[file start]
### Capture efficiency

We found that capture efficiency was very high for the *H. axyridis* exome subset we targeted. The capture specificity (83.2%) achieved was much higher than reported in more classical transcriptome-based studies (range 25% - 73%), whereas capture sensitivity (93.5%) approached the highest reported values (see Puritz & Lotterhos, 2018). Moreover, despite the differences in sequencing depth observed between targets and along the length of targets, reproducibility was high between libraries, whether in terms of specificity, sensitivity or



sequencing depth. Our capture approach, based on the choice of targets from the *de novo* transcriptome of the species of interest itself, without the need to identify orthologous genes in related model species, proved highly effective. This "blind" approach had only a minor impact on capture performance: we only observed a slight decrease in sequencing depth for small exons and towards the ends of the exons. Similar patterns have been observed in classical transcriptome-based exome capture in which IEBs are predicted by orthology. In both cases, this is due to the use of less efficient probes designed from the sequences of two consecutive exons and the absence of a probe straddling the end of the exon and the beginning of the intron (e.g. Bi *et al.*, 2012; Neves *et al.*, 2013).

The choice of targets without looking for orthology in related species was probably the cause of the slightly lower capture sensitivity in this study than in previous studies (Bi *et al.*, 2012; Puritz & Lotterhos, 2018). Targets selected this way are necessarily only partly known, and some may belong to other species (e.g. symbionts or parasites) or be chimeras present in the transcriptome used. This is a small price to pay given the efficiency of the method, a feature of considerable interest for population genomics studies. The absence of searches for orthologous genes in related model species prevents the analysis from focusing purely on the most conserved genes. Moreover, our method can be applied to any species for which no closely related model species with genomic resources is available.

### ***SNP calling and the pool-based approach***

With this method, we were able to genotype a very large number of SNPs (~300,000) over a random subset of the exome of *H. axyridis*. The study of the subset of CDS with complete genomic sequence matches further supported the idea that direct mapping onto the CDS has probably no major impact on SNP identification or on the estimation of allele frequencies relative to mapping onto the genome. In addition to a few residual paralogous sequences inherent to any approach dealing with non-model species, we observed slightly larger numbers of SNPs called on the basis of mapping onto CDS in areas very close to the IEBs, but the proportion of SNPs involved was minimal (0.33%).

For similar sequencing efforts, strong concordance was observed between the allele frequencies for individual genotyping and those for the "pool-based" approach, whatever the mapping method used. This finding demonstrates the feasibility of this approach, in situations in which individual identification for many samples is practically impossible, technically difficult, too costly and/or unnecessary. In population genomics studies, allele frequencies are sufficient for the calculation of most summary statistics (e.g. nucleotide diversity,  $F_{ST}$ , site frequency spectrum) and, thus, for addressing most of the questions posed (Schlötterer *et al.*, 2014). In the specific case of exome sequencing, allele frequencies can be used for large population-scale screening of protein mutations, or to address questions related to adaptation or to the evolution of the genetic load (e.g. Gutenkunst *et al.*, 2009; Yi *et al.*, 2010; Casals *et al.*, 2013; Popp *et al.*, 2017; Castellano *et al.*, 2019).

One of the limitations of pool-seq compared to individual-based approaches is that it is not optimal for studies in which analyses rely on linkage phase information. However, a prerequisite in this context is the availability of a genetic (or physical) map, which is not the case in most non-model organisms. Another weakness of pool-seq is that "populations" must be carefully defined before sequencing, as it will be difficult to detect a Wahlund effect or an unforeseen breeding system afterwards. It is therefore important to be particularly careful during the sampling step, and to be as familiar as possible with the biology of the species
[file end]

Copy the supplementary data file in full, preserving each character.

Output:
### Capture efficiency

We found that capture efficiency was very high for the *H. axyridis* exome subset we targeted. The capture specificity (83.2%) achieved was much higher than reported in more classical transcriptome-based studies (range 25% - 73%), whereas capture sensitivity (93.5%) approached the highest reported values (see Puritz & Lotterhos, 2018). Moreover, despite the differences in sequencing depth observed between targets and along the length of targets, reproducibility was high between libraries, whether in terms of specificity, sensitivity or



sequencing depth. Our capture approach, based on the choice of targets from the *de novo* transcriptome of the species of interest itself, without the need to identify orthologous genes in related model species, proved highly effective. This "blind" approach had only a minor impact on capture performance: we only observed a slight decrease in sequencing depth for small exons and towards the ends of the exons. Similar patterns have been observed in classical transcriptome-based exome capture in which IEBs are predicted by orthology. In both cases, this is due to the use of less efficient probes designed from the sequences of two consecutive exons and the absence of a probe straddling the end of the exon and the beginning of the intron (e.g. Bi *et al.*, 2012; Neves *et al.*, 2013).

The choice of targets without looking for orthology in related species was probably the cause of the slightly lower capture sensitivity in this study than in previous studies (Bi *et al.*, 2012; Puritz & Lotterhos, 2018). Targets selected this way are necessarily only partly known, and some may belong to other species (e.g. symbionts or parasites) or be chimeras present in the transcriptome used. This is a small price to pay given the efficiency of the method, a feature of considerable interest for population genomics studies. The absence of searches for orthologous genes in related model species prevents the analysis from focusing purely on the most conserved genes. Moreover, our method can be applied to any species for which no closely related model species with genomic resources is available.

### ***SNP calling and the pool-based approach***

With this method, we were able to genotype a very large number of SNPs (~300,000) over a random subset of the exome of *H. axyridis*. The study of the subset of CDS with complete genomic sequence matches further supported the idea that direct mapping onto the CDS has probably no major impact on SNP identification or on the estimation of allele frequencies relative to mapping onto the genome. In addition to a few residual paralogous sequences inherent to any approach dealing with non-model species, we observed slightly larger numbers of SNPs called on the basis of mapping onto CDS in areas very close to the IEBs, but the proportion of SNPs involved was minimal (0.33%).

For similar sequencing efforts, strong concordance was observed between the allele frequencies for individual genotyping and those for the "pool-based" approach, whatever the mapping method used. This finding demonstrates the feasibility of this approach, in situations in which individual identification for many samples is practically impossible, technically difficult, too costly and/or unnecessary. In population genomics studies, allele frequencies are sufficient for the calculation of most summary statistics (e.g. nucleotide diversity,  $F_{ST}$ , site frequency spectrum) and, thus, for addressing most of the questions posed (Schlötterer *et al.*, 2014). In the specific case of exome sequencing, allele frequencies can be used for large population-scale screening of protein mutations, or to address questions related to adaptation or to the evolution of the genetic load (e.g. Gutenkunst *et al.*, 2009; Yi *et al.*, 2010; Casals *et al.*, 2013; Popp *et al.*, 2017; Castellano *et al.*, 2019).

One of the limitations of pool-seq compared to individual-based approaches is that it is not optimal for studies in which analyses rely on linkage phase information. However, a prerequisite in this context is the availability of a genetic (or physical) map, which is not the case in most non-model organisms. Another weakness of pool-seq is that "populations" must be carefully defined before sequencing, as it will be difficult to detect a Wahlund effect or an unforeseen breeding system afterwards. It is therefore important to be particularly careful during the sampling step, and to be as familiar as possible with the biology of the species